An excerpt from Veena’s intriguing latest book, ‘A Mountain in China’.
Panky and I were really fortunate that our trip to Song Mountain had co-incided with the visit of the Dutch kungfu students because, at our very excellent meal the following evening, Meilin told us that she had hired a vehicle to take her students to see the famous Longmen Caves near the city of Luoyang, about an hour’s journey from Dengfeng, and would we like to join them. As the Longmen Cave complex, a masterpiece of Buddhist rock carvings, is one of the most important tourist destinations in China, we of course jumped at the chance.
Crossing Song Mountain and going down the other side on a potholed, hairpin road filled with huge, scarcely road-worthy trucks carrying gravel and rocks was a pretty terrifying experience and I felt quite shattered when we got to the bottom of the pass. It reminded me of the pass on the western side of India crossing the Ghats between Mumbai and Pune. This was once labelled one of the most dangerous roads in the world. I think the statisticians didn’t know about this mountain road in China when they made their calculations.
The rest of the ride was relatively uneventful and we arrived safely at what looked like a very beautiful scenic area although it was covered in the kind of fog that so often blankets places in this area. This, however, gave it a rather mystical atmosphere which, it turned out, was really appropriate for what we were about to see.
Luoyang was one of the ancient capitals of China – at different times, depending on which dynasty was in power. When the Northern Wei dynasty (386-534), which actively supported Buddhism, moved its capital to Luoyang, work commenced on an extraordinary project. Over a two-hundred-year period, more than one hundred thousand images and statues of Buddha were carved into a limestone cliff wall along the Yi River.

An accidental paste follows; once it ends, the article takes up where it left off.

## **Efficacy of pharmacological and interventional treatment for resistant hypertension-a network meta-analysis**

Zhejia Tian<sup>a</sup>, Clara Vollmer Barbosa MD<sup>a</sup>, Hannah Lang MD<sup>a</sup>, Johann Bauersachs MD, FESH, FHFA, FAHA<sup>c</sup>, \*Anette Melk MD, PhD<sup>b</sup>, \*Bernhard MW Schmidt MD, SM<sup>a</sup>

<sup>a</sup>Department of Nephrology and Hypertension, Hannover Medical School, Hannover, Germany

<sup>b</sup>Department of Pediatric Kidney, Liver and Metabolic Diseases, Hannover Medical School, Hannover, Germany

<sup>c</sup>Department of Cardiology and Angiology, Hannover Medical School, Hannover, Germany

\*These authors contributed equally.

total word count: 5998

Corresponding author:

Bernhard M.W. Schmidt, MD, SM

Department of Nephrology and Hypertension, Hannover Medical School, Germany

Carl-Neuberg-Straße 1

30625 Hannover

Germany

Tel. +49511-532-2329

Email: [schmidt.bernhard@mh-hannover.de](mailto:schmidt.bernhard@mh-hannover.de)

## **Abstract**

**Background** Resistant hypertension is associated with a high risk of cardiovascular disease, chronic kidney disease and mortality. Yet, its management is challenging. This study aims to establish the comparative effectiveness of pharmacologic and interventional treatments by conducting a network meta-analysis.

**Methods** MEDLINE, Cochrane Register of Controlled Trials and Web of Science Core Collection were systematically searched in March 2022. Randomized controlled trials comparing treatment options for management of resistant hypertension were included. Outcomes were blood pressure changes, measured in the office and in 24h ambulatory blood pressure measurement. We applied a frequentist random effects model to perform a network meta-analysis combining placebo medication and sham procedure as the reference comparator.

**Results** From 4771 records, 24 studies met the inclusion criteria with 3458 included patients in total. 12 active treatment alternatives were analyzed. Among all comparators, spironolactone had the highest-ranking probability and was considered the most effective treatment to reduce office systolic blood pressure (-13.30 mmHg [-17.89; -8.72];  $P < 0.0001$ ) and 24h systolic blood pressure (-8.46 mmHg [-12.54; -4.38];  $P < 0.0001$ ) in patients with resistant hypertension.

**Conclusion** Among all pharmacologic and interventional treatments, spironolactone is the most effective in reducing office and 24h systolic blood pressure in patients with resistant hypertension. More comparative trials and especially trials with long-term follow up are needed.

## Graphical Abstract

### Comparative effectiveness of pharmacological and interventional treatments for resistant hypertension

The word ‘longmen’ looks like an English surname but in actual fact it is Chinese for ‘Dragon’s Gate’. The word is in tribute to the Emperor Yu, who lived about two hundred years BC, and who is still famous for building checks on the Yellow River to prevent it from disastrously flooding the plains through which it flowed. The most famous of the ‘checks’ was originally called Dragon’s Gate.
Although now a protected UNESCO World Heritage site, the damage by vandalism to these carvings is devastating. From the beginning of the twentieth century, particularly, the heads of statues, or sometimes whole statues, were removed by unscrupulous collectors and sold to museums and private individuals all over the world. During the Cultural Revolution and earlier periods of anti-Buddhist feeling, vandalism on a massive scale occurred.
It was painful to see so much evidence of mindless destruction, yet the treasures that remained were awe-inspiring. The passage ways along the cliff have been sensitively designed to make the exploration of the caves and their carvings easy and exciting and we meandered our way along the cliff almost overwhelmed at such a huge artistic endeavour. There were also a few signs in relatively good English conveniently placed so at times we were able to get some explanations of what we were seeing.